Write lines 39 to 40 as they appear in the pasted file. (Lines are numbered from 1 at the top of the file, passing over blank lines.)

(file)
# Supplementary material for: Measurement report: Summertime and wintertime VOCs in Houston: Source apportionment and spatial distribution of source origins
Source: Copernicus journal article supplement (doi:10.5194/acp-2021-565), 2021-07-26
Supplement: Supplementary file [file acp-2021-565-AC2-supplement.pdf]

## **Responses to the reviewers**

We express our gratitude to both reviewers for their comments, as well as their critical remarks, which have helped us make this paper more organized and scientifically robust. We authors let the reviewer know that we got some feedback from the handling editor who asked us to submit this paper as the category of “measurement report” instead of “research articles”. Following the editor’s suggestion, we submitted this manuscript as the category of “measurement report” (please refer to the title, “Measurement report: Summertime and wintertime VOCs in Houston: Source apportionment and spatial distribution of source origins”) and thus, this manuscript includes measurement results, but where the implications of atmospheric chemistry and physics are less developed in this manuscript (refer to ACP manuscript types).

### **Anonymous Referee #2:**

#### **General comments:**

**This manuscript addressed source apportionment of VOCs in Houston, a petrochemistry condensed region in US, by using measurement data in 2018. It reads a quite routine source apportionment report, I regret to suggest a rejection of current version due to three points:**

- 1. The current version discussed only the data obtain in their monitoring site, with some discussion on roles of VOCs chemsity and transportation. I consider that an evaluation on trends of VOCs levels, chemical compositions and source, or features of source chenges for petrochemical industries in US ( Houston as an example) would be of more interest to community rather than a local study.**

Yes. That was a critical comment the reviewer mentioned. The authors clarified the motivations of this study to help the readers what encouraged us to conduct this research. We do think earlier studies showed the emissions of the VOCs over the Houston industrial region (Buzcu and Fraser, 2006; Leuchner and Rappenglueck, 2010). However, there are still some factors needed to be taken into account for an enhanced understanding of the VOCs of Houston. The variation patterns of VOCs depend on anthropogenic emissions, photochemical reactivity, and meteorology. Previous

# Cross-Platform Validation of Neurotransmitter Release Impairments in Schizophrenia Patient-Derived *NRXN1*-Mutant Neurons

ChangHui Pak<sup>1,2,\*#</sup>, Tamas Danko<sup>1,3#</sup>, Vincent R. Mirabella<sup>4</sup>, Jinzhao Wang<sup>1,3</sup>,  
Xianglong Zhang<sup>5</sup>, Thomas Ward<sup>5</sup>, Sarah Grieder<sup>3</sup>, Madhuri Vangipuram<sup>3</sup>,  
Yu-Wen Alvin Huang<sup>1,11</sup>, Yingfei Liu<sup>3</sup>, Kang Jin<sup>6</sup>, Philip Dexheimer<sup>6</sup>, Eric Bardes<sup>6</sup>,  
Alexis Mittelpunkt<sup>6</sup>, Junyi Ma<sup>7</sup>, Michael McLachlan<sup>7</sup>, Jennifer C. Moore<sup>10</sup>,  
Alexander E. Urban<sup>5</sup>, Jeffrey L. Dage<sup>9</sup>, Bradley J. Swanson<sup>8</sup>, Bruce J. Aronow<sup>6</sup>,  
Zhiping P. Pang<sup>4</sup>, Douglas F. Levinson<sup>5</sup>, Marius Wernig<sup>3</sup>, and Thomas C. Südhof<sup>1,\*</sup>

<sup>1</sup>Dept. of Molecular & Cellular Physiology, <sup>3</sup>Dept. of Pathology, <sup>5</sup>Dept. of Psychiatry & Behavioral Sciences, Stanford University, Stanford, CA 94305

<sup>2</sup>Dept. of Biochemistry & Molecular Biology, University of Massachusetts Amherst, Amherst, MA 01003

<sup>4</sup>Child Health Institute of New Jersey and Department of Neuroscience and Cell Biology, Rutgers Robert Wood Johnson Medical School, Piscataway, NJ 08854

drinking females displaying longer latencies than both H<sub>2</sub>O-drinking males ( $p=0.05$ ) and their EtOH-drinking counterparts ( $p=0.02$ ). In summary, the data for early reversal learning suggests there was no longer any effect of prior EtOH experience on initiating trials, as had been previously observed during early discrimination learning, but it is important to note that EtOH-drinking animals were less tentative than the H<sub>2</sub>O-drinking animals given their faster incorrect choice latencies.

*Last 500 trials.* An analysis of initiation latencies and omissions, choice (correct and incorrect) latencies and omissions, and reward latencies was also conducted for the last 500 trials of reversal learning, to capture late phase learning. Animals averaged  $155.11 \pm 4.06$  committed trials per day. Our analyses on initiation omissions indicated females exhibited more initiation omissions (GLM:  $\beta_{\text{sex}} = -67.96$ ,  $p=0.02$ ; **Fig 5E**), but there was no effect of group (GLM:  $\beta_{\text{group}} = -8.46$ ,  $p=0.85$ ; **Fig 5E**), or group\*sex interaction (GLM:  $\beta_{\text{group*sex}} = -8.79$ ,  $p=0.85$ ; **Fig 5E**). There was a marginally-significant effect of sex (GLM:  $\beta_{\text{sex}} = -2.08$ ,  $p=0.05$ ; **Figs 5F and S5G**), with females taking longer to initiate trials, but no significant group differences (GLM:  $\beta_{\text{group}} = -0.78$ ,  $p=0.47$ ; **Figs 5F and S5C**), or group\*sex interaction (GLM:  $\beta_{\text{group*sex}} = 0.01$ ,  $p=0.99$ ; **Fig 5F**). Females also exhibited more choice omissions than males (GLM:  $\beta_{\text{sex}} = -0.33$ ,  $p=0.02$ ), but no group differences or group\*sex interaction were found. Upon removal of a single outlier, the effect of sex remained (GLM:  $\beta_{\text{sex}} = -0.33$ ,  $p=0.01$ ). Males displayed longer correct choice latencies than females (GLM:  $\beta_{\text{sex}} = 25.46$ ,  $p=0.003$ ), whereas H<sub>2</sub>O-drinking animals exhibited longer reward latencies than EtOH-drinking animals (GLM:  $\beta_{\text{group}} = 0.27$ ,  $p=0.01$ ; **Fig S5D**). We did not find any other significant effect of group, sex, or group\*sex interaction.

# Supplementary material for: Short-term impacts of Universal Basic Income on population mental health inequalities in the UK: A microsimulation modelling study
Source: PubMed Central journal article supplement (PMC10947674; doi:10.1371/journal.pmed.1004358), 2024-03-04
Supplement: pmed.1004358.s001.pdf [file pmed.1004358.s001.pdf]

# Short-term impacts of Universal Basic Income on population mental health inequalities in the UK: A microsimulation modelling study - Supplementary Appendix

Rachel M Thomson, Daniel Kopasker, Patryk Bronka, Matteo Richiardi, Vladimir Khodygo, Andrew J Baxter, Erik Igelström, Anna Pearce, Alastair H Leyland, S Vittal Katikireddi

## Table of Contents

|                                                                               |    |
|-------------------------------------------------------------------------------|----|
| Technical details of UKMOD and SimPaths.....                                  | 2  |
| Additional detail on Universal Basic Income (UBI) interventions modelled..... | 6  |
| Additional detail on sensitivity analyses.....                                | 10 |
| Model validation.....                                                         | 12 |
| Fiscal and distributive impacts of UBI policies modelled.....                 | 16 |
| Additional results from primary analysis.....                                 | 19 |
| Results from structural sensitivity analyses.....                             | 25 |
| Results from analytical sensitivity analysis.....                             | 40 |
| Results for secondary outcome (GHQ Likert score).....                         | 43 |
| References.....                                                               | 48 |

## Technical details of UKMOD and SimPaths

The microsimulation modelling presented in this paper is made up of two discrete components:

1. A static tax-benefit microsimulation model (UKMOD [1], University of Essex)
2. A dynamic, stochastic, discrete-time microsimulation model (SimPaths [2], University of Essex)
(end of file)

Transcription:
| Results for secondary outcome (GHQ Likert score).....                         | 43 |
| References.....                                                               | 48 |